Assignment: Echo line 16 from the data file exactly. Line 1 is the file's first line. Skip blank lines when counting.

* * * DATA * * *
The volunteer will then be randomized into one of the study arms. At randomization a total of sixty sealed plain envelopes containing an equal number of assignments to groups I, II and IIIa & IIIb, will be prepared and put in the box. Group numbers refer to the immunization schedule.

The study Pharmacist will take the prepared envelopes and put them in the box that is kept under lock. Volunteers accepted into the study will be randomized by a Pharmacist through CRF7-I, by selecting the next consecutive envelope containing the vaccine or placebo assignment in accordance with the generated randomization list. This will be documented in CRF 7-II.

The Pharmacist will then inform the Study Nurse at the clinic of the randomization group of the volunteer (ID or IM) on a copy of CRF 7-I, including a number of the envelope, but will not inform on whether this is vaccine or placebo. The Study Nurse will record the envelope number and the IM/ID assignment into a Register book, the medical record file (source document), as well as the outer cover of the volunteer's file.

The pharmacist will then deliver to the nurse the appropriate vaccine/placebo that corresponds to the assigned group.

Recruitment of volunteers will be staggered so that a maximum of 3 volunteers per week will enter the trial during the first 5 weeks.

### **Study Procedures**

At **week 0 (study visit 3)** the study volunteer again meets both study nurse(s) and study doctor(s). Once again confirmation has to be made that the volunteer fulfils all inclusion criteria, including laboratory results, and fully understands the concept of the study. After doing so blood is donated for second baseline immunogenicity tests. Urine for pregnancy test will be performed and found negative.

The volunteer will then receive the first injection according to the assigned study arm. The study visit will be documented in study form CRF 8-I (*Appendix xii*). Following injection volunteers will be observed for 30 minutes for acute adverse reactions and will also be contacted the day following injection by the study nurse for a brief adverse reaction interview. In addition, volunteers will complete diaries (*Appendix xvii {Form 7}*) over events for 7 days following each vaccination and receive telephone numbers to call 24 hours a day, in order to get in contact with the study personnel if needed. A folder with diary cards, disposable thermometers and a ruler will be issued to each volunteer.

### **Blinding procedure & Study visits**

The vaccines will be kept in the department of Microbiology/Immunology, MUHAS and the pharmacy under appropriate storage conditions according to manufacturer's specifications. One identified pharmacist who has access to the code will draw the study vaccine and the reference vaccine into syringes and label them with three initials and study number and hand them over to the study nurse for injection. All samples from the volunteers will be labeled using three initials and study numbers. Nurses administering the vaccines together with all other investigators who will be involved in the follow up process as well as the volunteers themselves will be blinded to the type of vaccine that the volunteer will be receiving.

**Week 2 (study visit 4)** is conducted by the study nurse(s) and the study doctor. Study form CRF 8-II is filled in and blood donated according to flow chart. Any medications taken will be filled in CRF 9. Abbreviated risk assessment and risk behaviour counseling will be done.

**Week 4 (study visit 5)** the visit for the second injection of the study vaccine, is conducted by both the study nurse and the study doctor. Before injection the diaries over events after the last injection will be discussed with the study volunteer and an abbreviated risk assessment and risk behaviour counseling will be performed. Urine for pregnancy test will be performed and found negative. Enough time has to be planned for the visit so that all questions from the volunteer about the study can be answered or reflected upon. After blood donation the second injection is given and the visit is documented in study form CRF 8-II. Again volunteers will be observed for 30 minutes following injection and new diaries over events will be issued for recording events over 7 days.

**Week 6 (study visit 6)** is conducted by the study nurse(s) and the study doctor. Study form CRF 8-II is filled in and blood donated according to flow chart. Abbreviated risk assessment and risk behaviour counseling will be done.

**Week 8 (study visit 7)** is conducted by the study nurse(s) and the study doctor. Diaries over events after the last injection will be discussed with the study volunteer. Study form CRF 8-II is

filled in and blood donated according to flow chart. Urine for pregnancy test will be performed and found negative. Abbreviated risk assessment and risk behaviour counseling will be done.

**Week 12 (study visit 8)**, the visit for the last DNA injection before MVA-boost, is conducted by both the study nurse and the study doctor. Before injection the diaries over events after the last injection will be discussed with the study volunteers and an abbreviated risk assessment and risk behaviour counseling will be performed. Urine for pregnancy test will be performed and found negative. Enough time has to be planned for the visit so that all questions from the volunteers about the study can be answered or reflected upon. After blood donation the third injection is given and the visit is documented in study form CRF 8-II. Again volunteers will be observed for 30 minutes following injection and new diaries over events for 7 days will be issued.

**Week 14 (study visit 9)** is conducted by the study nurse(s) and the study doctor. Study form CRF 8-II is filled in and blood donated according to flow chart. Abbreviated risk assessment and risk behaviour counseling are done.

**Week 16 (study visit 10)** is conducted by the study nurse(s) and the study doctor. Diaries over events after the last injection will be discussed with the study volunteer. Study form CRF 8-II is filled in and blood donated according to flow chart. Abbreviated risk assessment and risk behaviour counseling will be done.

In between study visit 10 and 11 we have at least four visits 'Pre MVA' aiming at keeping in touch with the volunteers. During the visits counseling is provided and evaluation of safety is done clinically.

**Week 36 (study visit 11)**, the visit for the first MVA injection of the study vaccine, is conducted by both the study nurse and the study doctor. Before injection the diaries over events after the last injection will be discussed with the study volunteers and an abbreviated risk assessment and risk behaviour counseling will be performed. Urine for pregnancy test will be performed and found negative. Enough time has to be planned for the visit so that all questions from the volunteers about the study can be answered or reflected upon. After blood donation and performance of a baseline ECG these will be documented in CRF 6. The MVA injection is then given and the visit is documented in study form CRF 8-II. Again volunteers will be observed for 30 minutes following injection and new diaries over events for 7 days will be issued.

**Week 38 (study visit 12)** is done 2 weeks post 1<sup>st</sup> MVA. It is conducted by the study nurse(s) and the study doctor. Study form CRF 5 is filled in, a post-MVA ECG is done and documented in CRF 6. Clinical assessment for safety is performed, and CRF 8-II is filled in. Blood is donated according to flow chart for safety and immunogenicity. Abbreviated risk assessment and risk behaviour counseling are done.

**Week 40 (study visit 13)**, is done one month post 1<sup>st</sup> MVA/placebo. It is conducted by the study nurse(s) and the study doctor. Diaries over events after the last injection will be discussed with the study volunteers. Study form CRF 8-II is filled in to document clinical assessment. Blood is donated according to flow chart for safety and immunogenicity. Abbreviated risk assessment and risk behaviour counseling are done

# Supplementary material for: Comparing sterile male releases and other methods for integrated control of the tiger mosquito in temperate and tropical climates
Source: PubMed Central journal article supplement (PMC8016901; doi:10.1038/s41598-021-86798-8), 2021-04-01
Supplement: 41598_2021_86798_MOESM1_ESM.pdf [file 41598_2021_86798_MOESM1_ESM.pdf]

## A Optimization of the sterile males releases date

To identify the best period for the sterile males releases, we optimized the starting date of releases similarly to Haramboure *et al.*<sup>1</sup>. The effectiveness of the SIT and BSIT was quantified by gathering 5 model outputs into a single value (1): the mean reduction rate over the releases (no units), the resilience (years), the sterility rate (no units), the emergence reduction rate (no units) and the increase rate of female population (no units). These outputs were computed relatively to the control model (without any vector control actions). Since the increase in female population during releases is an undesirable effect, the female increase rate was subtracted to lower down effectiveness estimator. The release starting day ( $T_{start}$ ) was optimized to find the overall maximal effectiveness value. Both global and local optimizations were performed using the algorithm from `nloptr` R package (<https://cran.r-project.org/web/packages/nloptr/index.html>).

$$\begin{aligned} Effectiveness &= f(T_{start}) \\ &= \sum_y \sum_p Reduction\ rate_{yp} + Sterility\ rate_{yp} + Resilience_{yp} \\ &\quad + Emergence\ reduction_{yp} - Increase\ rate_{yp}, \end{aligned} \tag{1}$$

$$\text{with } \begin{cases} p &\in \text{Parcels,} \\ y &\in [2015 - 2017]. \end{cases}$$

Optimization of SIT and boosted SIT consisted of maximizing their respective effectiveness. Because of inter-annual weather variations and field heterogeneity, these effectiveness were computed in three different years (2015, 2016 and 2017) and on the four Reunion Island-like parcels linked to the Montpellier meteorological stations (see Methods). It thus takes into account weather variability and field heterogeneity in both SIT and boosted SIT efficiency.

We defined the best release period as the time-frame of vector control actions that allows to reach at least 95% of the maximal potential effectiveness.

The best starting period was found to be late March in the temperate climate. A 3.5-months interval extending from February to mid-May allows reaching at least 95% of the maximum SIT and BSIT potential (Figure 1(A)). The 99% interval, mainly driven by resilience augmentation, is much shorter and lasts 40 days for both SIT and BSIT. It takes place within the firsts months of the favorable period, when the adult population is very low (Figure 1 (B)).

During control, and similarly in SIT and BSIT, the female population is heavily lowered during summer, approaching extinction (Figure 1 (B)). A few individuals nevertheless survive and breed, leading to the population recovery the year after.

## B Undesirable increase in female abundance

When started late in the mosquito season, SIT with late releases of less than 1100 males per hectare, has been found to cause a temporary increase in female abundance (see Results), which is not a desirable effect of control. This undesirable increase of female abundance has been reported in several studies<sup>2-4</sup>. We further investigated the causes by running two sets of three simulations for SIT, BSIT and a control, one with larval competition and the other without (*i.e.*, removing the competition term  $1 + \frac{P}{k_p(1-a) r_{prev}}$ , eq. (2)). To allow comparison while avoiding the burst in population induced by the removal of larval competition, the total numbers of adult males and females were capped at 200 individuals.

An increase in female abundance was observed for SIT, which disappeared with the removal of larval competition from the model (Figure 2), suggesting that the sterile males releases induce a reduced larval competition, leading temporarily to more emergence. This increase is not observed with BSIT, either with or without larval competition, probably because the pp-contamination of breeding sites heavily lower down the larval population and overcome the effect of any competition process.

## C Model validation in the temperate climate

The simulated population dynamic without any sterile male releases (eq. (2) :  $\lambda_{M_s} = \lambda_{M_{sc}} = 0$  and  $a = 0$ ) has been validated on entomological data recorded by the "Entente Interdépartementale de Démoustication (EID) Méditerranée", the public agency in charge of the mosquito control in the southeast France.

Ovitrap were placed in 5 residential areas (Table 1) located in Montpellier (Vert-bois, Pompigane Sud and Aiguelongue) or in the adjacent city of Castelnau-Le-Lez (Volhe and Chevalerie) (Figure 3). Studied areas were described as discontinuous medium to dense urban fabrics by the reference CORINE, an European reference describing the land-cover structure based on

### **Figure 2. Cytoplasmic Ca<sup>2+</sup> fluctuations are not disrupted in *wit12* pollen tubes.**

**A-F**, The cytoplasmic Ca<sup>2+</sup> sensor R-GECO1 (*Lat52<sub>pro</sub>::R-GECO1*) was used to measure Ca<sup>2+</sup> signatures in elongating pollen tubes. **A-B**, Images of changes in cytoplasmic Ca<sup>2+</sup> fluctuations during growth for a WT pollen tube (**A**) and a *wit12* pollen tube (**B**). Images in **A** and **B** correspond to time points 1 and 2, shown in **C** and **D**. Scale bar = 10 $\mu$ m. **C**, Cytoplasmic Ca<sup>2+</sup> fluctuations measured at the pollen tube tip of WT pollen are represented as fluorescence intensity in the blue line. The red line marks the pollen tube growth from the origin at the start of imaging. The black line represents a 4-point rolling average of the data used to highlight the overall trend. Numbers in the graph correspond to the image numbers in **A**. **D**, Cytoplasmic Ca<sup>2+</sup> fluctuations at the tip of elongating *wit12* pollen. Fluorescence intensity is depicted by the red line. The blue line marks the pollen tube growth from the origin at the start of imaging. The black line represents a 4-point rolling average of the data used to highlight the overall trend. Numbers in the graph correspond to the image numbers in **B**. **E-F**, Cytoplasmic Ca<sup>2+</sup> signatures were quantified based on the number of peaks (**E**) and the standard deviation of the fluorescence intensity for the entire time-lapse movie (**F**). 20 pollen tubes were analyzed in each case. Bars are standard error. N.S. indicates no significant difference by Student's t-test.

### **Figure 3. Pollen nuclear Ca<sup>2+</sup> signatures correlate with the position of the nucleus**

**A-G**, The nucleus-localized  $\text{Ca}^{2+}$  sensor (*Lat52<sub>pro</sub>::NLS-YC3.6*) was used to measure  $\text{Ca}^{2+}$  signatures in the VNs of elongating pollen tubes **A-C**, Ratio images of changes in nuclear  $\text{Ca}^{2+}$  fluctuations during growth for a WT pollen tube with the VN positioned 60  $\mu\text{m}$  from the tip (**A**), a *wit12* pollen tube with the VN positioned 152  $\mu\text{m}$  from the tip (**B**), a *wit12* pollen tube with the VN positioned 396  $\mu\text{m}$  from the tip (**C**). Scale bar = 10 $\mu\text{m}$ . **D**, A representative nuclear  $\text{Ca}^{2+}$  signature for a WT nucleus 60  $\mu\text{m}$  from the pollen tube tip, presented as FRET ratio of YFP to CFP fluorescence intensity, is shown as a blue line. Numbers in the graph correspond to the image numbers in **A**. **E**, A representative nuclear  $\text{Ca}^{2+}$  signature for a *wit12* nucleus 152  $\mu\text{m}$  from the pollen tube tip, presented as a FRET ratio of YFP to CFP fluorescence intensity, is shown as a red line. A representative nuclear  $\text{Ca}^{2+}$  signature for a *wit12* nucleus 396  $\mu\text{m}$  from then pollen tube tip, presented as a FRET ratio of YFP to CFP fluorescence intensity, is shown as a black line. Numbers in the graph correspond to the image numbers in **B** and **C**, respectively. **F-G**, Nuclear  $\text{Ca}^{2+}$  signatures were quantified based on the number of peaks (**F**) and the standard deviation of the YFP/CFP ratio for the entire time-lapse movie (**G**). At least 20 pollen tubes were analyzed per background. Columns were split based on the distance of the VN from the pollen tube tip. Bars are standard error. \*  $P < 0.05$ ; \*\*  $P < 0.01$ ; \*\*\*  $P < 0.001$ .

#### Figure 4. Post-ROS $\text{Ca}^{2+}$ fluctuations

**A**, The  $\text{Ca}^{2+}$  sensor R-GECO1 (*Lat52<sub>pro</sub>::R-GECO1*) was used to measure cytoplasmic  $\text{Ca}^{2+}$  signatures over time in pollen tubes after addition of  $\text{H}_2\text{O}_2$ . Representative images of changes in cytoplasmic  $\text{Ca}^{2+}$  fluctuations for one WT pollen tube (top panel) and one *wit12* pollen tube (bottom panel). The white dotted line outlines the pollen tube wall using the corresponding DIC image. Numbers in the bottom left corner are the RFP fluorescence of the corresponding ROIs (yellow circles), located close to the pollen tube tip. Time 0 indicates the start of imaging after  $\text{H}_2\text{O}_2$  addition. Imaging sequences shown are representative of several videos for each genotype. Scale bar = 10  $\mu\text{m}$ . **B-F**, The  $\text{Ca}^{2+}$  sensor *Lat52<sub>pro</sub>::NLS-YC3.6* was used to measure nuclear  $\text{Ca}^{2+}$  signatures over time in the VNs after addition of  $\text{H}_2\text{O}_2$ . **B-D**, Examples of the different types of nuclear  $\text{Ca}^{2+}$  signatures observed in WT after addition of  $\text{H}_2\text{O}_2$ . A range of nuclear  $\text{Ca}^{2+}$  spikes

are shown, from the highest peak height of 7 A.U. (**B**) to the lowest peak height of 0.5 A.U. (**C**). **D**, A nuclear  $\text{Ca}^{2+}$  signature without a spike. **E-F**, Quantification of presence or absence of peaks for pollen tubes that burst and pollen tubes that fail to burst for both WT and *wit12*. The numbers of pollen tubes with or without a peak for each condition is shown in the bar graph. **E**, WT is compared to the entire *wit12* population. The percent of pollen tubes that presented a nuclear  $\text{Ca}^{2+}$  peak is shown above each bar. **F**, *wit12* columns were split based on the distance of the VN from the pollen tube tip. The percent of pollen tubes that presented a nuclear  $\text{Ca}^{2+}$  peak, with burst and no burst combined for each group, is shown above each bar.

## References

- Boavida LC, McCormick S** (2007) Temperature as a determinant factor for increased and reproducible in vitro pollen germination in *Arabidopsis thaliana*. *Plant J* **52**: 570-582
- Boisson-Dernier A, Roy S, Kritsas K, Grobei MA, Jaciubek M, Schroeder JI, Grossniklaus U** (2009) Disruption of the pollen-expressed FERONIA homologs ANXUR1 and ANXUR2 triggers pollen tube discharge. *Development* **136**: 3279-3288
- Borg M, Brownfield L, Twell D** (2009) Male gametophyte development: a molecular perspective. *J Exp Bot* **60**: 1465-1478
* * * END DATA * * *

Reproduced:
**Week 12 (study visit 8)**, the visit for the last DNA injection before MVA-boost, is conducted by both the study nurse and the study doctor. Before injection the diaries over events after the last injection will be discussed with the study volunteers and an abbreviated risk assessment and risk behaviour counseling will be performed. Urine for pregnancy test will be performed and found negative. Enough time has to be planned for the visit so that all questions from the volunteers about the study can be answered or reflected upon. After blood donation the third injection is given and the visit is documented in study form CRF 8-II. Again volunteers will be observed for 30 minutes following injection and new diaries over events for 7 days will be issued.